Robert Stephen, a first soloist at the National Ballet of Canada, can be seen in the role of the jester in the classic ballet, Swan Lake choreographed by James Kudelka. “This is a really special production for the male dancers in the company. The ballet normally has a lot of focus on the female performers, but our choreographer really wanted to feature the men and give them a lot of real dancing to do,” explains Robert.
Evan McKie and Svetlana Lunkina with Artists of the Ballet in Swan Lake. Photo by Aleksandar Antonijevic.
Robert Stephen. Photo by Sian Richards.
“Classical ballet is as challenging for me as it is rewarding,” explains Robert. “I find I’m often my own worst critic and the daily expectation you put on yourself can be very high. But there is just something about being on stage and performing. It’s such a rush to be a part of something so beautiful. It’s honestly like a drug to me.”
by Mariya Guzova
You may not know his name, but you have probably seen his face.
Bryan Saunders’ drug induced self portrait series recently took the internet by storm. The bold artistic experiment had Saunders consuming a new drug everyday and drawing himself under the influence.
100 mg Seroquel
Morphine IV (dosage unknown)
Saunders is no stranger to risky, innovative, and avant-garde creativity. He has drawn a self-portrait of himself everyday since 1995. This march marks his 19th anniversary of the practice, having drawn just under 7000 self portraits.
“Every day my brain and central nervous system processes an unyielding amount of phenomena. Any of these phenomena coming in have the ability to change my brain chemistry and how I perceive things in the world around me as well as the physical and mental world inside of me. Through the process of existence my metabolism, health, heart rate, chemistry, thoughts, feelings, behaviors and beliefs etc. are subject to often mild but sometimes drastic changes too. Therefore, to me personally, there is no one correct or standard ‘personal’ way of interpreting the world, so I choose myself as the vessel that captures this because I am the medium by which all of this is processed or filtered through in the first place. But that’s just me,” explains Saunders.
Placing himself as the subject, Bryan has created a vast variety of artistic works.
by Maria de Cardenas
Round Venue in Toronto’s Kensington Market opened its doors one more time to Costume Life Drawing at Toons on Tap, under Acid Animation Company’s direction.
zeeBigBang celebrated with Toons on Tap the second anniversary to the theme of Captain Hook.
Sion Irwin-Childs as Captain Hook at Round Venue for Toons on Tap.
Following their passion for drawing and their addiction to animation, Canadian artists, Jeremy Carderelli and Lauri Lewis created Costume Gestured Drawing through their own company Acid Animation. For the past two years, they have been organizing different events, each with a new living cartoon character. “We think about what kind of character that would lend themselves to some great storytelling poses,” explains Jeremy.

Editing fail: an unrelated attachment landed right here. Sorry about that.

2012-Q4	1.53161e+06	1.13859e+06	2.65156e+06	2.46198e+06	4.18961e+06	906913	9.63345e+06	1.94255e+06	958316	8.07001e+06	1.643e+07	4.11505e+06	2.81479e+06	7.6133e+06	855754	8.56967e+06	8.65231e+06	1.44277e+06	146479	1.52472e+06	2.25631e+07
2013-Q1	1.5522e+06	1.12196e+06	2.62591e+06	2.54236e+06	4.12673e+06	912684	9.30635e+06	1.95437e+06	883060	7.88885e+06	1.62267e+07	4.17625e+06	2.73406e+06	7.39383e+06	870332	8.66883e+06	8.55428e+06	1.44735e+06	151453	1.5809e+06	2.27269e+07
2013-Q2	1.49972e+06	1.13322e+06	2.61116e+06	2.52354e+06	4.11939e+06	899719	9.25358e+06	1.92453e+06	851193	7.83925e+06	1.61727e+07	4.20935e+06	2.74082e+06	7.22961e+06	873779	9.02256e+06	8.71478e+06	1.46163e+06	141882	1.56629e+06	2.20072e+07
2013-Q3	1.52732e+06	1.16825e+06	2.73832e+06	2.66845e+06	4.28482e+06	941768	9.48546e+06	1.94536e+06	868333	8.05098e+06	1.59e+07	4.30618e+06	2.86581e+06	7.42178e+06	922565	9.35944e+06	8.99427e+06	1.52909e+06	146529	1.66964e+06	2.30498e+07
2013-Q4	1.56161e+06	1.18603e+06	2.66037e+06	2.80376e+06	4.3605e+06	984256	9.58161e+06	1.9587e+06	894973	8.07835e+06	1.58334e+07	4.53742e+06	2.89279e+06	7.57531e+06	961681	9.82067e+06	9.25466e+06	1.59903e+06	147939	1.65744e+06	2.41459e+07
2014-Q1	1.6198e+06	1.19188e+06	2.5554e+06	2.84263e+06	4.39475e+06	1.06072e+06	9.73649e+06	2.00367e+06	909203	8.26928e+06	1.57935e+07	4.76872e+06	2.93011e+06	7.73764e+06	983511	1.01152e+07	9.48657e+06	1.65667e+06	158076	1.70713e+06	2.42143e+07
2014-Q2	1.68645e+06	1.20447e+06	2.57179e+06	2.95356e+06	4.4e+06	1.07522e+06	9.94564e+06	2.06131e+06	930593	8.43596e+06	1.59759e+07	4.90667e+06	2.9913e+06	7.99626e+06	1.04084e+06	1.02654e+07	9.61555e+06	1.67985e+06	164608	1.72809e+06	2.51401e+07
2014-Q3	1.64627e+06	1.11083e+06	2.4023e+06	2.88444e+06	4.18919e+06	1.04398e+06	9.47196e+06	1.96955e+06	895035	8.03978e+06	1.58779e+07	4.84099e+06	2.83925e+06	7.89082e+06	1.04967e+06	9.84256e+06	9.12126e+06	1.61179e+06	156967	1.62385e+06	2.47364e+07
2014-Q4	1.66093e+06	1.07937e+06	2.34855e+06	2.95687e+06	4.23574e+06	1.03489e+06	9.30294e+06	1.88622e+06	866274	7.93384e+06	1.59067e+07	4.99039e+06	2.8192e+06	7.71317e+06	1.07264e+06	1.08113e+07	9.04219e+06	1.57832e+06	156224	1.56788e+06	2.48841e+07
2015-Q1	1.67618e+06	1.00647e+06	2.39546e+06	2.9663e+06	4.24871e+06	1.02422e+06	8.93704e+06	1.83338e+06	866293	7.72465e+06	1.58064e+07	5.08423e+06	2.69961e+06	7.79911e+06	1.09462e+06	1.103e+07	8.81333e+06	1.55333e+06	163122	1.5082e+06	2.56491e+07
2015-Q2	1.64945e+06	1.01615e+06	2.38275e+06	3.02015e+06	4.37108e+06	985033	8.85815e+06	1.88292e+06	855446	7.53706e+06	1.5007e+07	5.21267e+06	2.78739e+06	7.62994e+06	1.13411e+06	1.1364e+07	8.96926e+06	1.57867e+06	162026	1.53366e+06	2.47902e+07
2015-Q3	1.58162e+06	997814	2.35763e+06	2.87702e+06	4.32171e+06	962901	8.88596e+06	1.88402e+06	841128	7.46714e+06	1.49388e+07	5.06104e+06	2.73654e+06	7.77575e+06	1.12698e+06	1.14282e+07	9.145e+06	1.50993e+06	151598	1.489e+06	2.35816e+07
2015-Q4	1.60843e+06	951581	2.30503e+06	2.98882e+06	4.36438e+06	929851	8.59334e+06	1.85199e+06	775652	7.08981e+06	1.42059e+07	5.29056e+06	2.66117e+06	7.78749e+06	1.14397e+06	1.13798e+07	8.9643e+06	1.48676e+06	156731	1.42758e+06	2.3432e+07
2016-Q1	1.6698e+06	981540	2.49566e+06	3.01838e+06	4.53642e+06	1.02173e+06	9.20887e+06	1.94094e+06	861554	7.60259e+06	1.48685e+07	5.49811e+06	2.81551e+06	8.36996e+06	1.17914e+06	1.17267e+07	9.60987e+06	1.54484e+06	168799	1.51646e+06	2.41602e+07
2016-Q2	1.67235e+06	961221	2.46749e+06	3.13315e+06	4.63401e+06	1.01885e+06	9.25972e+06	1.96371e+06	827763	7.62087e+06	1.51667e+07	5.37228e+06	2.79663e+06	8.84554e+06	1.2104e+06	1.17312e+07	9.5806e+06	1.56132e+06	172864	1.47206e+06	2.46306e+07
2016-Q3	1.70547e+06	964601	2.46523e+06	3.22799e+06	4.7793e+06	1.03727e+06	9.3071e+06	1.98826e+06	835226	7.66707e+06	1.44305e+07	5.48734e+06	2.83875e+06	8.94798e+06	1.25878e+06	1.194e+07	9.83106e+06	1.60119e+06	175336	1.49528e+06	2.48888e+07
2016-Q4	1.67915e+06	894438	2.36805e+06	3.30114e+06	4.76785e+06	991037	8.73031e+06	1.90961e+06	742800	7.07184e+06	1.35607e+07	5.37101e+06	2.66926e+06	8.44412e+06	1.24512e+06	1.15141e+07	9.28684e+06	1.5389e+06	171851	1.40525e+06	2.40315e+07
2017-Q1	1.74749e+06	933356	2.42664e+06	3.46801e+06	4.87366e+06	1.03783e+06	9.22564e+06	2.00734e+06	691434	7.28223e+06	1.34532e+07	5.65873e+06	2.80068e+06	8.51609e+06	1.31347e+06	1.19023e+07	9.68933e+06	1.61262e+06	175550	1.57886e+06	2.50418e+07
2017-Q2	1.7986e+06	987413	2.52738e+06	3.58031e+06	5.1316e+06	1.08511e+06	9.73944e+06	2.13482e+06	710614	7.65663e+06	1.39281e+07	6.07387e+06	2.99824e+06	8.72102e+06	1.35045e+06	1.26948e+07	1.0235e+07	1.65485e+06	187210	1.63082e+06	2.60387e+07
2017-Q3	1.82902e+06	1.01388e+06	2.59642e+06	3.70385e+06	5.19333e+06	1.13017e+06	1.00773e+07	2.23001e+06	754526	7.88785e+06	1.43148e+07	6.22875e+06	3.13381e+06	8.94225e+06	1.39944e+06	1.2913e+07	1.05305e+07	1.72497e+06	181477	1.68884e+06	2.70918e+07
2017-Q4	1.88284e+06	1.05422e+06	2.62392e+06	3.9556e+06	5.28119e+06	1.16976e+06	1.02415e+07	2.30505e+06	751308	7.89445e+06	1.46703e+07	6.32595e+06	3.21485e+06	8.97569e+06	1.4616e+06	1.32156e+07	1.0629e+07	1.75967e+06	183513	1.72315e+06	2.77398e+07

They also work with photographer Jeffrey Danyleyko, who is part of every session, event and concert they organize.
Toons on Tap model for Iron Pencil Competition. Photo by Jeffrey Danyleyko.
Poetry is a literary art form seldom seen as modern, competitive, or alive. But that is exactly what the Toronto Poetry Slam is doing for the poetic community across Canada.
Electric Jon at the 2011 Toronto Poetry Slam.
The Toronto Poetry Slam (TPS) is a twice-monthly spoken word competition held at the Drake Hotel in Toronto. Participants compete to join the TPS team that will go on to compete in international and national poetry competitions.
David Silverberg, managing editor at Digital Journal, founded TPS in 2003. “I always loved spoken word and poetry while I was growing up and I just thought it was lacking and hard to come by in the underground community. So I started the slam to get people on the stage, and talking, and performing for everyone’s enjoyment,” explains David.
Shoolie at the TPS competition.
Each slam has 12 participants, who have three minutes to perform their piece for the judges. At the end, three finalists are chosen to move on to the semi finals. “We’ve had all kinds of people participate. Professional writers who are established and known, and we’ve had your average college kid who likes to write poetry in their free time.”
Toronto is now in the midst of one its most beloved festivals. Winterlicious is offering up some of Toronto’s best and most diverse culinary treats.
Chicken Cordon Bleu at Biff’s Bistro
Ryo Ozawa, Executive Chef for EDO Restaurants preps a selection of sizzling mains available during Winterlicious.
The winter and summer “licious” festivals were created in 2003 by the City of Toronto, as an initiative to promote the culturally diverse culinary scene in Toronto, pump up the local restaurant economy, to bring people together to explore the city and to celebrate great food.
Chef’s choice of Omakase sushi or Omakase vegetable sushi, available on EDO’s Winterlicious menu.
Ortomisto Pizza from Piola Famosi per la pizza.